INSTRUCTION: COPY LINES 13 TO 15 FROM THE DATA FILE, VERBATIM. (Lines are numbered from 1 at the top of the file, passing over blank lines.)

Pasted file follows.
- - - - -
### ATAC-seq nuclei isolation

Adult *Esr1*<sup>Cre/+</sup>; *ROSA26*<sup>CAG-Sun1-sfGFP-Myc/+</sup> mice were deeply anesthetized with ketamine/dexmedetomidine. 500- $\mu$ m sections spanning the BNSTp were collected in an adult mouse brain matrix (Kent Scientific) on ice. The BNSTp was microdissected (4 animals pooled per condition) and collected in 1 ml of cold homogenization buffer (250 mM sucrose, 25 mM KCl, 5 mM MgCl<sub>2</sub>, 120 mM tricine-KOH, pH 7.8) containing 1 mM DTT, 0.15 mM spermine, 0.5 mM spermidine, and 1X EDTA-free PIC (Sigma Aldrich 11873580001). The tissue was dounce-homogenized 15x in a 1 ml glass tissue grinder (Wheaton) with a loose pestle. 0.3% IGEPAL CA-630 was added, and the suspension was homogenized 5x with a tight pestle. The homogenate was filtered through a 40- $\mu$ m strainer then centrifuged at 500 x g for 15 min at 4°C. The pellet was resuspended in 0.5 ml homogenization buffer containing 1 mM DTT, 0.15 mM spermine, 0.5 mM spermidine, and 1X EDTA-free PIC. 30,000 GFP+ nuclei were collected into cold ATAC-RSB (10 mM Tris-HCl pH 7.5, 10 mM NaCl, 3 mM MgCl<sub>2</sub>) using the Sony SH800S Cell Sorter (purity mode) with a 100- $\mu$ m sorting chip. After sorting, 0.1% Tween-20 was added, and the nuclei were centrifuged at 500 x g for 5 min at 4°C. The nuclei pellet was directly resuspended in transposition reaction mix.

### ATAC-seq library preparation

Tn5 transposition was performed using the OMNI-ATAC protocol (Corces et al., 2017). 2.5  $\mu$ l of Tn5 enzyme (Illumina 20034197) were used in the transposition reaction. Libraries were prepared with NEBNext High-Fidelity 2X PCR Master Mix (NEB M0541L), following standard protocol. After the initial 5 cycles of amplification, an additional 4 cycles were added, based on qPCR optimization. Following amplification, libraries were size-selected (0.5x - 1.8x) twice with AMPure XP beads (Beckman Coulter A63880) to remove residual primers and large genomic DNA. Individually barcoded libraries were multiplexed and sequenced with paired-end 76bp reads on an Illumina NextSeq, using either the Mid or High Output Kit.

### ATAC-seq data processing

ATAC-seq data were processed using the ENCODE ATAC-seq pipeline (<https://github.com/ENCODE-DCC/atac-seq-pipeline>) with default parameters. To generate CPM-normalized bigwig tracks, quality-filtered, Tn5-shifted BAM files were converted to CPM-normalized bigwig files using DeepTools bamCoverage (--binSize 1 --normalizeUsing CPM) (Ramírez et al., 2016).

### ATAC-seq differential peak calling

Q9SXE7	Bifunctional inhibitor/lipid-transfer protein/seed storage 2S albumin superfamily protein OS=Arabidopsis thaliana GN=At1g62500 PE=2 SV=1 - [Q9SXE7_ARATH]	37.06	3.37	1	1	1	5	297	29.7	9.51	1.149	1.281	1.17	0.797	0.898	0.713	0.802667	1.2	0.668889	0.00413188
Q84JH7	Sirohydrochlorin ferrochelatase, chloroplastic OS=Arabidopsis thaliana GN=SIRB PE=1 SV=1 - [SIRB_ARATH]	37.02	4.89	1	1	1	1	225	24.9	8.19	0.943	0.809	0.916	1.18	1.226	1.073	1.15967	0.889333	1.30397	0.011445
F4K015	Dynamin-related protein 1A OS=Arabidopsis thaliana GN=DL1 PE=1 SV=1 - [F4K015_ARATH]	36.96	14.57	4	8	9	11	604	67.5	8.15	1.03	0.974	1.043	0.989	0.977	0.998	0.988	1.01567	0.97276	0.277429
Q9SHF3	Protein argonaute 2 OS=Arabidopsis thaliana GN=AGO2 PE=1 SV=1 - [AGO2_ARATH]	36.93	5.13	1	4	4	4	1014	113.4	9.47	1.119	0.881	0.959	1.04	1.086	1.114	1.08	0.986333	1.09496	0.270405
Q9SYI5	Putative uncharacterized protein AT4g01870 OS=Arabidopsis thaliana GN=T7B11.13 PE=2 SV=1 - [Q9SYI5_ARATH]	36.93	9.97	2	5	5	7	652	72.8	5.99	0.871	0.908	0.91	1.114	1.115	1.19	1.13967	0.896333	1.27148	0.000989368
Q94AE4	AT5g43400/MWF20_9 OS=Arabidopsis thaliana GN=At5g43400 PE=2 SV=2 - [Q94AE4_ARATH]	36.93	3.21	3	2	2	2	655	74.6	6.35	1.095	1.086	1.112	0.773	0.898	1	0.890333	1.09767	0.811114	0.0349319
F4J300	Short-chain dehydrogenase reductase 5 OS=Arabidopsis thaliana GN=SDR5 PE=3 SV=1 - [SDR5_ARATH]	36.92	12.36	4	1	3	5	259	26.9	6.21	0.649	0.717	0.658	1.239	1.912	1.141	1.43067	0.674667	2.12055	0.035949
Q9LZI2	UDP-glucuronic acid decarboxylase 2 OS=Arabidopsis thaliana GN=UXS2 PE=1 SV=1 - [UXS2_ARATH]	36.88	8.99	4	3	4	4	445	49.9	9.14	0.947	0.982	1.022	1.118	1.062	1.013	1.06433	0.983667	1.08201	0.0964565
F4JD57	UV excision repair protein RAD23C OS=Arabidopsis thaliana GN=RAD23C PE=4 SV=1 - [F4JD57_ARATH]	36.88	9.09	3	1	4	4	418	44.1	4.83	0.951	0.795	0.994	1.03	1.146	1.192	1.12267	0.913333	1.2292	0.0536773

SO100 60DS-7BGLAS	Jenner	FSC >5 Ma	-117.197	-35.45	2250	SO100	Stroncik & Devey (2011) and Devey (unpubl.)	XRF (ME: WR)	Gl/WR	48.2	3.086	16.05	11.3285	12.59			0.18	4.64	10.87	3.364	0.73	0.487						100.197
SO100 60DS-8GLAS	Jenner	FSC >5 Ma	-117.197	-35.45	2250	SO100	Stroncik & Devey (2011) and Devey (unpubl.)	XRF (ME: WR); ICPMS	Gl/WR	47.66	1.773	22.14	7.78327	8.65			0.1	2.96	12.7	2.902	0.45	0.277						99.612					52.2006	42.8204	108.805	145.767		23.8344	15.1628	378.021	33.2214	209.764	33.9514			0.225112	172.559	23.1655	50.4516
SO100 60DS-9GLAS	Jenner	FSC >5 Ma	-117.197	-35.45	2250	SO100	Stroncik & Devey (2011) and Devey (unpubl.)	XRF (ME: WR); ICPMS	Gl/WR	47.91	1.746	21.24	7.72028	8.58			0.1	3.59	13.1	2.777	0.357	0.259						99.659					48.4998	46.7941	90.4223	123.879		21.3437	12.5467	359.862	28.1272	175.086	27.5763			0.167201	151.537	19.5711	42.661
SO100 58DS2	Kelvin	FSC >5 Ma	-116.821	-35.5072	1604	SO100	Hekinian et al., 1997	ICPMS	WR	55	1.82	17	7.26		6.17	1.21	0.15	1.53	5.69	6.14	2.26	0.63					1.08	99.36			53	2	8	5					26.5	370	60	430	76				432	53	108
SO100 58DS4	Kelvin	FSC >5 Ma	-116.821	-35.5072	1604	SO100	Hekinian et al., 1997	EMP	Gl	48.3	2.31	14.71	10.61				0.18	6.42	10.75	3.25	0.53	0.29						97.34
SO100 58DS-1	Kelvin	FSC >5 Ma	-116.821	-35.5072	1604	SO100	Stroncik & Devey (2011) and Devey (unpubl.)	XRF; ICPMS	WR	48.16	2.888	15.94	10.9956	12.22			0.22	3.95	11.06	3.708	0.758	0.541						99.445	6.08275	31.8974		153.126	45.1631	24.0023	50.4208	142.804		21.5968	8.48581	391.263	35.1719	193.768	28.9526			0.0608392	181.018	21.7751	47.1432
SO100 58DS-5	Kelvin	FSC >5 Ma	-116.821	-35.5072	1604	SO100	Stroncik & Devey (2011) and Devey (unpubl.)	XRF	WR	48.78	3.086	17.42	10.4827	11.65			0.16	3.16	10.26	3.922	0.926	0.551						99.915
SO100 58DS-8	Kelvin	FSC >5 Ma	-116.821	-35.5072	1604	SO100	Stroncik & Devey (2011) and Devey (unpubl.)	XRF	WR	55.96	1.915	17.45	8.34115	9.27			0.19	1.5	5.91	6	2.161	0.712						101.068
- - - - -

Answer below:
Q94AE4	AT5g43400/MWF20_9 OS=Arabidopsis thaliana GN=At5g43400 PE=2 SV=2 - [Q94AE4_ARATH]	36.93	3.21	3	2	2	2	655	74.6	6.35	1.095	1.086	1.112	0.773	0.898	1	0.890333	1.09767	0.811114	0.0349319
F4J300	Short-chain dehydrogenase reductase 5 OS=Arabidopsis thaliana GN=SDR5 PE=3 SV=1 - [SDR5_ARATH]	36.92	12.36	4	1	3	5	259	26.9	6.21	0.649	0.717	0.658	1.239	1.912	1.141	1.43067	0.674667	2.12055	0.035949
Q9LZI2	UDP-glucuronic acid decarboxylase 2 OS=Arabidopsis thaliana GN=UXS2 PE=1 SV=1 - [UXS2_ARATH]	36.88	8.99	4	3	4	4	445	49.9	9.14	0.947	0.982	1.022	1.118	1.062	1.013	1.06433	0.983667	1.08201	0.0964565